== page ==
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OBJECTIVE: To test whether diets achieving recommendations from the UK's Scientific Advisory Committee on Nutrition (SACN) were associated with higher monetary costs in a nationally representative sample of UK adults. DESIGN: A cross-sectional study linking 4 d diet diaries in the National Diet and Nutrition Survey (NDNS) to contemporaneous food price data from a market research firm. The monetary cost of diets was assessed in relation to whether or not they met eight food- and nutrient-based recommendations from SACN. Regression models adjusted for potential confounding factors. The primary outcome measure was individual dietary cost per day and per 2000 kcal (8368 kJ). SETTING: UK. SUBJECTS: Adults (n 2045) sampled between 2008 and 2012 in the NDNS. RESULTS: On an isoenergetic basis, diets that met the recommendations for fruit and vegetables, oily fish, non-milk extrinsic sugars, fat, saturated fat and salt were estimated to be between 3 and 17 % more expensive. Diets meeting the recommendation for red and processed meats were 4 % less expensive, while meeting the recommendation for fibre was cost-neutral. Meeting multiple targets was also associated with higher costs; on average, diets meeting six or more SACN recommendations were estimated to be 29 % more costly than isoenergetic diets that met no recommendations. CONCLUSIONS: Food costs may be a population-level barrier limiting the adoption of dietary recommendations in the UK. Future research should focus on identifying systems- and individual-level strategies to enable consumers achieve dietary recommendations without increasing food costs. Such strategies may improve the uptake of healthy eating in the population.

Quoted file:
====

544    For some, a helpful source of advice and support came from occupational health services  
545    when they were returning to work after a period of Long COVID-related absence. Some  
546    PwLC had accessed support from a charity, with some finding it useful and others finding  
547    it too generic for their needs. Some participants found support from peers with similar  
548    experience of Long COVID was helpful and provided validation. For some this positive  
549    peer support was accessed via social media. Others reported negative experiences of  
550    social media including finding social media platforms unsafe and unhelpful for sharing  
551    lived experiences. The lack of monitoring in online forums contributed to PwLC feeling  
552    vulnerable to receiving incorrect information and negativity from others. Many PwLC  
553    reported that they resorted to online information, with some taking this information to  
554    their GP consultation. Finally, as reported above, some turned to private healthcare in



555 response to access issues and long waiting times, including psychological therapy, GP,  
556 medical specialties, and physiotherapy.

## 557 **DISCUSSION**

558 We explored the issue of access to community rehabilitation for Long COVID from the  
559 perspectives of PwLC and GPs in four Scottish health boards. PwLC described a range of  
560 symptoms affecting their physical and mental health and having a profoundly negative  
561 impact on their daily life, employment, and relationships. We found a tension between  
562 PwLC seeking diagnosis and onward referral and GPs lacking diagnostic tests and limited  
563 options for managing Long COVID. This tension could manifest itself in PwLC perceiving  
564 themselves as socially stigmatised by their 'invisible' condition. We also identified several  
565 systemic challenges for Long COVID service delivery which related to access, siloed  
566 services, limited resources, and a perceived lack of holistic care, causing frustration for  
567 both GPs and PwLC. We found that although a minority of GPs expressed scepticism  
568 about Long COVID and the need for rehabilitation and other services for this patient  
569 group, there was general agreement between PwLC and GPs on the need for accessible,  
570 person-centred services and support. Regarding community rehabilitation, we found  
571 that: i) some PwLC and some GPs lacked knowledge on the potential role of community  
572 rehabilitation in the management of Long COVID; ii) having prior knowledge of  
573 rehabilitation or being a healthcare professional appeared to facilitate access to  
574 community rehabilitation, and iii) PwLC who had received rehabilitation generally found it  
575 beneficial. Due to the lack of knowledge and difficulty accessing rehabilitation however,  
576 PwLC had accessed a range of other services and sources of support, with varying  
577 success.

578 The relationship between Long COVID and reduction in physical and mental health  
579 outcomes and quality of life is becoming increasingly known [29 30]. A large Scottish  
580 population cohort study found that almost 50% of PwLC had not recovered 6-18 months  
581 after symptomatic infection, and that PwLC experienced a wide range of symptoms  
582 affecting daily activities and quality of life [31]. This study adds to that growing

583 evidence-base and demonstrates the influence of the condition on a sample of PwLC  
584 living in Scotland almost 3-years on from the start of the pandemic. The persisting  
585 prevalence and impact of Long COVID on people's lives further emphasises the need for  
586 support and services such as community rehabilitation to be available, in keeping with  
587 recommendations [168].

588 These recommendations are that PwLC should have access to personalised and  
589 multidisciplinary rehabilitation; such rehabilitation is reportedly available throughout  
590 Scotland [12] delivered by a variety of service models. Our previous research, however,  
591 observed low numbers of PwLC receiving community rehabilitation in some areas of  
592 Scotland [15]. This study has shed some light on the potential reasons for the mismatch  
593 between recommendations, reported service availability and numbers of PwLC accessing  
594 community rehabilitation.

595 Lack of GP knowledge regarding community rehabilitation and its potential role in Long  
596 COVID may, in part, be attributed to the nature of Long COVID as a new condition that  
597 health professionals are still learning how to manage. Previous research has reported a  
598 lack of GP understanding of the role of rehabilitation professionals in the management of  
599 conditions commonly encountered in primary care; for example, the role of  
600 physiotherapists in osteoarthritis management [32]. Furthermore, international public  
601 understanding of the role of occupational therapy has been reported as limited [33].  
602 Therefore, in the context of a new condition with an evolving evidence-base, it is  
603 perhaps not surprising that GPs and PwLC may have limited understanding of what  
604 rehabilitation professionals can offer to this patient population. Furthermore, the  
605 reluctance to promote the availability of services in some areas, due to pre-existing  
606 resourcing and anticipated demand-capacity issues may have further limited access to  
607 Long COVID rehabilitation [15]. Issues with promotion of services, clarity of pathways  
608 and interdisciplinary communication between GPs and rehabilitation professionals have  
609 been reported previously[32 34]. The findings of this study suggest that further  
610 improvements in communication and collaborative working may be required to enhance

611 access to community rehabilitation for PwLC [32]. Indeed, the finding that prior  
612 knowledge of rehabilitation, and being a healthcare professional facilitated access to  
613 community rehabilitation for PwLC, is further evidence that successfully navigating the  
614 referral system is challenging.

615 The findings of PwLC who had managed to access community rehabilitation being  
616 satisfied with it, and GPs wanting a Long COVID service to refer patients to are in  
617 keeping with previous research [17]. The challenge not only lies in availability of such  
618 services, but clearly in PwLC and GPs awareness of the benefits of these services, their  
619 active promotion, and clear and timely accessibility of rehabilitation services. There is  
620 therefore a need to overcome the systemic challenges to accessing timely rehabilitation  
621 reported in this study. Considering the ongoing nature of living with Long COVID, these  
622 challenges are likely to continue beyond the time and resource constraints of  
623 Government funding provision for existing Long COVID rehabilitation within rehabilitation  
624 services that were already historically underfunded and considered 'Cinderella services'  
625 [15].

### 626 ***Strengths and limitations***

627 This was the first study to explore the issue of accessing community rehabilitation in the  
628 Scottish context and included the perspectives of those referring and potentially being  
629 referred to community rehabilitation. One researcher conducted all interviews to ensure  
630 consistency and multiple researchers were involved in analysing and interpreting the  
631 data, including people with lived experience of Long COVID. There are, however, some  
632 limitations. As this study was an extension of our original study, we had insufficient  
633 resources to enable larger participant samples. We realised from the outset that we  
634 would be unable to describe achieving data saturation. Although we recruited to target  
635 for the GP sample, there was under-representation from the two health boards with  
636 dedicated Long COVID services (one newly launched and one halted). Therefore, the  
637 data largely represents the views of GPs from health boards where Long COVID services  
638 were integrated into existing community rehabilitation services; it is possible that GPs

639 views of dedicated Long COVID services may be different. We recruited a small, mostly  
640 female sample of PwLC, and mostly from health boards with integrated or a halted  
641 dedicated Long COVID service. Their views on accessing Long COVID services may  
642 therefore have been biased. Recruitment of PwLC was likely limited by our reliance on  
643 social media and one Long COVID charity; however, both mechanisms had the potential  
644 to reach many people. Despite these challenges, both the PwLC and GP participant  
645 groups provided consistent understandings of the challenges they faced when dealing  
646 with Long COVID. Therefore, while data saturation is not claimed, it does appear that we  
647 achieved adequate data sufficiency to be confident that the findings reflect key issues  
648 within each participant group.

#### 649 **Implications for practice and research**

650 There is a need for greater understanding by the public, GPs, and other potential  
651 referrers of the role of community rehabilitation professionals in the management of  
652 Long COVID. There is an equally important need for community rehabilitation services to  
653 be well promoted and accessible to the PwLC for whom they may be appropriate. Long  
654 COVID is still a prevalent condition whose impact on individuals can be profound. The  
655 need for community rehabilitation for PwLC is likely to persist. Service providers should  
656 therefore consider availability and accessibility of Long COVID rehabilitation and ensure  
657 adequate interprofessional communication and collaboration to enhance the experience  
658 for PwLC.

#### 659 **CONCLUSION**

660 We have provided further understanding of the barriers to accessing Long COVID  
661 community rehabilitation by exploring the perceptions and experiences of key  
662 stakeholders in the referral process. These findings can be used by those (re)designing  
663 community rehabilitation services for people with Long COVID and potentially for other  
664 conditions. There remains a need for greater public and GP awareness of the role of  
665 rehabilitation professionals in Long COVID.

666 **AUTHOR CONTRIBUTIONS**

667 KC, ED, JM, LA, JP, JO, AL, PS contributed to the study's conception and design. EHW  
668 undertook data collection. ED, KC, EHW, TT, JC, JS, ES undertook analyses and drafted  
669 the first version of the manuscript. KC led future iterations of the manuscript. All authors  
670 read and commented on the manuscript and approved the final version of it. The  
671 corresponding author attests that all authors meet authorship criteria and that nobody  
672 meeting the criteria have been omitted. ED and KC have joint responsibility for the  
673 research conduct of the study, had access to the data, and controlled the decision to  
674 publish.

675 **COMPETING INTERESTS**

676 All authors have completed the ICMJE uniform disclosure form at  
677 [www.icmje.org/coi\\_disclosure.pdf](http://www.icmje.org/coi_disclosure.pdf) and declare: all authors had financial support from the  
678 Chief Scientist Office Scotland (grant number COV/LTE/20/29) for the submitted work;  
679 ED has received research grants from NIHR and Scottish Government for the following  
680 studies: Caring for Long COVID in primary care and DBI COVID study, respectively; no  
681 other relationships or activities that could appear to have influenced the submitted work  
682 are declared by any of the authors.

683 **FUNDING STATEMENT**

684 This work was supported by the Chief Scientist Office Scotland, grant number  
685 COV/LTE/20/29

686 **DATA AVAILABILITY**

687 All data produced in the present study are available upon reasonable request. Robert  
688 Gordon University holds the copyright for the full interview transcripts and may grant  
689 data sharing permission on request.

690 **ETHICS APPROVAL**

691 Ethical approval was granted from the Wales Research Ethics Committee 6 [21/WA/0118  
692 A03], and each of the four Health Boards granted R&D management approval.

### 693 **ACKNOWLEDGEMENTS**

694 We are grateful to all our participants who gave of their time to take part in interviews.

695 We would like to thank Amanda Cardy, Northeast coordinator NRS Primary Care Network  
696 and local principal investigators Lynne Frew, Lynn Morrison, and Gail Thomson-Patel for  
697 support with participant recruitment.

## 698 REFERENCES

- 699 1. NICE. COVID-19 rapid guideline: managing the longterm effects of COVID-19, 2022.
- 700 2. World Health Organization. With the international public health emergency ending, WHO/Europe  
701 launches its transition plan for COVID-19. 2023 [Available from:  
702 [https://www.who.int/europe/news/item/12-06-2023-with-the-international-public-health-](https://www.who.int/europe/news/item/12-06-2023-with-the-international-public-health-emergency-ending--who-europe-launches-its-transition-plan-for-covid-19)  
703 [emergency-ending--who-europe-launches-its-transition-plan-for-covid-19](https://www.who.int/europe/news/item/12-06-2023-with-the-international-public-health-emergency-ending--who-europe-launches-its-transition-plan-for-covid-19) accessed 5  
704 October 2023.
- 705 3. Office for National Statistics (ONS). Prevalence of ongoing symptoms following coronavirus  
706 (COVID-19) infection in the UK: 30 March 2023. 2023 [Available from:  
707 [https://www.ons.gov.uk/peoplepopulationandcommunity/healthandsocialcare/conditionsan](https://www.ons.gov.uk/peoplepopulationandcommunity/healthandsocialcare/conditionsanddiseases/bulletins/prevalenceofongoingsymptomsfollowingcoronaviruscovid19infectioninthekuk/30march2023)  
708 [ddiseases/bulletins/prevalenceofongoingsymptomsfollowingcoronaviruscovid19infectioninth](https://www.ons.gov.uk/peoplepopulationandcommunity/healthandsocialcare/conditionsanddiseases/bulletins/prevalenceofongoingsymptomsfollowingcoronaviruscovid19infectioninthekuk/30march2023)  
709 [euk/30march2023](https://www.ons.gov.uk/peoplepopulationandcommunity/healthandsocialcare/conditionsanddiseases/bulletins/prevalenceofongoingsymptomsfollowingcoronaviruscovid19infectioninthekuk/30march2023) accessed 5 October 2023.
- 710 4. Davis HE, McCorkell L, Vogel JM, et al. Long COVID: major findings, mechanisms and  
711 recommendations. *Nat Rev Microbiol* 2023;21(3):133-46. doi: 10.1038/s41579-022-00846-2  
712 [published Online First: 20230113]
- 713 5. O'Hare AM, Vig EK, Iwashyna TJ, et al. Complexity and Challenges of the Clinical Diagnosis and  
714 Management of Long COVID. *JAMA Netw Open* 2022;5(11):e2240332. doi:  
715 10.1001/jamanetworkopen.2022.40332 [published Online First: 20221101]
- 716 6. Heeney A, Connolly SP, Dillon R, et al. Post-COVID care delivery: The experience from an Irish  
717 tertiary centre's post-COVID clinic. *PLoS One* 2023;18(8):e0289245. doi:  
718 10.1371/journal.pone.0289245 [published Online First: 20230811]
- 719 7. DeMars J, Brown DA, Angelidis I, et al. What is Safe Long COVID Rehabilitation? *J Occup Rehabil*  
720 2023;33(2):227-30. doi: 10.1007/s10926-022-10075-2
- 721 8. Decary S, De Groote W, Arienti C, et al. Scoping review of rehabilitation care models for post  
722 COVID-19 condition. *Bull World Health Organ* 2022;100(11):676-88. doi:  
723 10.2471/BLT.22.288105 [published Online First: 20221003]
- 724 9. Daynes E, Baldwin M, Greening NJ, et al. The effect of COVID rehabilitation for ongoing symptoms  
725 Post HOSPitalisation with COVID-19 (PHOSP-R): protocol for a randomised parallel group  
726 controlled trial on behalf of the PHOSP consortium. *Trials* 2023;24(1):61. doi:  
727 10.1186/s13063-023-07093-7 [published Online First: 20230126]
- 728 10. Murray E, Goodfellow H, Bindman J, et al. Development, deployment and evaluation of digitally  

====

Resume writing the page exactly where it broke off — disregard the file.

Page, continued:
Original publication

DOI

10.1017/S1368980017003275

Type

Journal article

Journal

Public Health Nutr

Publication Date

04/12/2017

Pages

1 - 9

Keywords

Dietary Approaches to Stop Hypertension, Dietary guidance, Dietary intake, Food prices, National Diet and Nutrition Survey, Nutritional surveillance, Scientific Advisory Committee for Nutrition